Don studies him like this, struck by how much older Mikey seems in this moment. Solemn, but not angry. Wary, but with hope. The balance Splinter had always hoped he would attain, the harmony of his joy and his abilities. 'When did our Mikey become a mountain?' Don wonders, and then he chuckles. When this is all over and done with, he'll be glad to have his little brother back to whining at the television and freaking out over spiders in the bathroom. When it's all over…
"Nothing, Mikey. You're right." He pats Mikey's hands, smiling, and lifts them from his own shoulders. "The best thing I can do is be in this room, making sure Raph doesn't scare any nurses except the one I need him to. I know you'll take care of them. Thank you."
"Yeah, you better. Now get!"
"Getting, getting!" And he does.
When it's all over, Don thinks, maybe this really will be just another one of Mikey's nightmares—something to put away in the dark together. Because although he'd felt alone minutes beforehand, he's starting to remember that's not true at all. They've always survived leaning on each other. They can do it again.
He sits at the computer and adjusts the controls for his headset, bringing up the building blueprints and hospital files he's hacked into on the computer screen with his other hand. As soon as he switches the headset on, sound floods in.
"—onna answer me? Don!"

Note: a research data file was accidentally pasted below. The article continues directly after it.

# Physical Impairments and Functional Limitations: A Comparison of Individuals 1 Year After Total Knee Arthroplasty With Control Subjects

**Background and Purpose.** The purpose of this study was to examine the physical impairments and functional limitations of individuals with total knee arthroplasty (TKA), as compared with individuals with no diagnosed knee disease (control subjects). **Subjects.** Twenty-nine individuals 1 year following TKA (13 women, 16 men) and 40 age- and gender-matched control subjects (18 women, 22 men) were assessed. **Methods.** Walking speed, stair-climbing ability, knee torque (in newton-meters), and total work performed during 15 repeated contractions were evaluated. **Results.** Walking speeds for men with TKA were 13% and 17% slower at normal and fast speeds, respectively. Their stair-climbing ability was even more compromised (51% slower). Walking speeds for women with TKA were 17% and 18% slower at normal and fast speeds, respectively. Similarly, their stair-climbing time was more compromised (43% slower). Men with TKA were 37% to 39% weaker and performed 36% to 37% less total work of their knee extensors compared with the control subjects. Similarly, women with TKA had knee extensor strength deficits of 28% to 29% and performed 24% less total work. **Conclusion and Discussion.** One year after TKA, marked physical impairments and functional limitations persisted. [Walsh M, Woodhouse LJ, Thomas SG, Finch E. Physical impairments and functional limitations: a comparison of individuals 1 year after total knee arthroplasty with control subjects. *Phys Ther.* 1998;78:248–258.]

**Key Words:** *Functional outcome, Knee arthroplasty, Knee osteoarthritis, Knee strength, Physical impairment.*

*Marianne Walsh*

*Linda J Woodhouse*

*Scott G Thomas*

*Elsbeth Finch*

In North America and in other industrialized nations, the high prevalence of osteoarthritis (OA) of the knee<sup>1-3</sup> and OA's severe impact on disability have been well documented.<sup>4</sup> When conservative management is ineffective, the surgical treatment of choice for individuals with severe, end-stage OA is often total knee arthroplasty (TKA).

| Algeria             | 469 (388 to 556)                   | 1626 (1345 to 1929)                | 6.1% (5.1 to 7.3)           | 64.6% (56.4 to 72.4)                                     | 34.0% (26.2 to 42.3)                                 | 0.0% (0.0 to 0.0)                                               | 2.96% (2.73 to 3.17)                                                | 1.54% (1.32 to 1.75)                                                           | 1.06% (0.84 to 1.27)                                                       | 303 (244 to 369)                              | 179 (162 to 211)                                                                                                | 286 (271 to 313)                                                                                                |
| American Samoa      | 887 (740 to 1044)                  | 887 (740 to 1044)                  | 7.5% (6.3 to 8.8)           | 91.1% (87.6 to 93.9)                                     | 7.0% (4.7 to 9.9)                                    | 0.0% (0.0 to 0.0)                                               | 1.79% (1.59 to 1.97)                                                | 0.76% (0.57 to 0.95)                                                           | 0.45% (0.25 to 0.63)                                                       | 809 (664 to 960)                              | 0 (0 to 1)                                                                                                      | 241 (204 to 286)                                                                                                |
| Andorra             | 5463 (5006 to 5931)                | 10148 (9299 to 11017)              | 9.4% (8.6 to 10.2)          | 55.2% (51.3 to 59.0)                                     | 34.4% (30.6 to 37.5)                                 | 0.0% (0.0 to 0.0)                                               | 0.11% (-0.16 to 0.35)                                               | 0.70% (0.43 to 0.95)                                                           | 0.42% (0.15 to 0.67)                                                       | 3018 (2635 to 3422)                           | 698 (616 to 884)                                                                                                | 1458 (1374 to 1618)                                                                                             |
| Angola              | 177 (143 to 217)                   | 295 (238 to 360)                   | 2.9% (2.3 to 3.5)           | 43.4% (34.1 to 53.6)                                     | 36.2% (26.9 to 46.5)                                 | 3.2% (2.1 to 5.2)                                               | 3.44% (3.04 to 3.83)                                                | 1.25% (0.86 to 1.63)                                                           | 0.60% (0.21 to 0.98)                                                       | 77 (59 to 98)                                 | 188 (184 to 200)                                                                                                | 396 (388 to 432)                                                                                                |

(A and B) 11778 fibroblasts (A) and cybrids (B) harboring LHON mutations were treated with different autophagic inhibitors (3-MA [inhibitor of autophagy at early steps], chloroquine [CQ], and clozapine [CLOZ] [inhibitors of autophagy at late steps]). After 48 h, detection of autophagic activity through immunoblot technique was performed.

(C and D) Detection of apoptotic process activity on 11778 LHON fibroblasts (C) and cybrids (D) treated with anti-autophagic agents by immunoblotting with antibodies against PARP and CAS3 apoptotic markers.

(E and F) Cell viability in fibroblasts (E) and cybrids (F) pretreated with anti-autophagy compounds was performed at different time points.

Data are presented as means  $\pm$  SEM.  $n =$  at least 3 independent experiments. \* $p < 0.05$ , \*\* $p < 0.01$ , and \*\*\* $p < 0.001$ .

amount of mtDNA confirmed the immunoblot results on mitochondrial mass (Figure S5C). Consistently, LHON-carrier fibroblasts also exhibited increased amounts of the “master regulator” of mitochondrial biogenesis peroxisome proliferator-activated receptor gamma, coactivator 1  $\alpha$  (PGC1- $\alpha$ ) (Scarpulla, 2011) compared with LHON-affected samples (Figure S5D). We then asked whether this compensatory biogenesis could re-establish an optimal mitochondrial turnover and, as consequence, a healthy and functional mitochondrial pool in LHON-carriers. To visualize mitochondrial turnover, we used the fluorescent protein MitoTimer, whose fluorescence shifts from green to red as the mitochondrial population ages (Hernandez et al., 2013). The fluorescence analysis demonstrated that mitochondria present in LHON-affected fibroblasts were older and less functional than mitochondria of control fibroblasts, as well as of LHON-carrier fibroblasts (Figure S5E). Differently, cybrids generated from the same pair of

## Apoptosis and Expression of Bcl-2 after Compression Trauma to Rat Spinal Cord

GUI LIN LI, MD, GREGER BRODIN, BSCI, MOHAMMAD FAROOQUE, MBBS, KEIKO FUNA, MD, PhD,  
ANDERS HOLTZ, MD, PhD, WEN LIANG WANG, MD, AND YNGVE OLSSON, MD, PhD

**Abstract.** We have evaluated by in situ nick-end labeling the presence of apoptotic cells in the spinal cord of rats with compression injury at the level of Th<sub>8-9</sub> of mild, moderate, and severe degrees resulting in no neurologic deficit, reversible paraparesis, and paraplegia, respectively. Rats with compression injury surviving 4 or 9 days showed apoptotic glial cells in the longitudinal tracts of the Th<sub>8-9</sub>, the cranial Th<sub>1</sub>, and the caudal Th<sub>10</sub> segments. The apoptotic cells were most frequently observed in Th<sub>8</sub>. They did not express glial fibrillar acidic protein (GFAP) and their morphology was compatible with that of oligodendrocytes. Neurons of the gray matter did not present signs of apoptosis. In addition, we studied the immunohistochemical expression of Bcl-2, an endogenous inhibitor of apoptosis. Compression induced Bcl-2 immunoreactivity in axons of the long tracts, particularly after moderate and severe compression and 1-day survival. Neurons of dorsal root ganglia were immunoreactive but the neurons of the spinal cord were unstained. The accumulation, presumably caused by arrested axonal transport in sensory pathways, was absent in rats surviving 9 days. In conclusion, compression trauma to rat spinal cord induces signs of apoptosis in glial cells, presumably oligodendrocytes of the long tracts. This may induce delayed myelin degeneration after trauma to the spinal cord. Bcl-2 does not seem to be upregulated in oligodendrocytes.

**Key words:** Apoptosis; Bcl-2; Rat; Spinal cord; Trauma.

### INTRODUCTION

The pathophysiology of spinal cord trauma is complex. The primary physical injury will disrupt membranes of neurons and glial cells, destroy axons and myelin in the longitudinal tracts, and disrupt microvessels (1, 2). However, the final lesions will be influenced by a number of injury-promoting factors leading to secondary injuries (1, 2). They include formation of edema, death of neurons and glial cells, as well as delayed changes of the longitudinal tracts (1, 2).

"Here!" And not going to waste anymore time, Don tells himself silently. "I'm here, Raph. Where are you?"
"We're under St. Joseph's. So you, uh, gotta plan or what?"
The nearest hospital is seven city blocks away. If they took the van to the streets, it would've taken several minutes to get there even with the lack of late night traffic. There are intersections to consider, other people. As it is, below the roads, streaking through the tunnels on the Shell Cycle at a reckless pace, it still takes six minutes. Debris is strewn everywhere from a flood earlier in the week. Pain in the shell, Raph thinks, gritting his teeth and plowing through whatever won't throw them off—the rest of the dents can be buffed away. (If they can't, he doesn't care.)
He slows when they reach the street that should be running parallel to the back entrance of St. Joseph's. Raph and his brothers know these sewers like their own weapons; years of playing, exploring, marking where every manhole is have imprinted into his memory. You never know when you'll need an exit, after all.
It's saved their lives more than once.
'And it's gonna do it again,' Raph thinks, slowing the bike and bringing it to a nevertheless jarring halt. Casey yelps and his forehead crashes into Raph's helmet.
"Ouch! Warn a guy, you moron!"
Raph rolls his eyes. "We're stopping, okay?"
"Yeah, thanks. Thanks, that helps so much." Casey grunts and throws his leg back over the side, getting off the bike. "Dibs on driving the way back. My bruises got bruises from all the crap you kept runnin' into."
"It was in my way," Raph says indifferently. He swings his leg over the back of the motorcycle and rolls it to the wall, propping it up against the bricks. Then he leans down to rummage in the saddlebag. "Time to hook up with Donny. Try not to break 'em, genius." He tosses one of the headsets he'd pulled out to Casey. He puts his own over his temple, adjusting the band that fits, custom made, over his head so that the microphone curves in front of his jaw. The control box, a tiny protrusion against one side of his ear, is uncomfortable and familiar. But he's used this before. He switches the volume on and upward, listening past the static. "Donny? Don, you there?"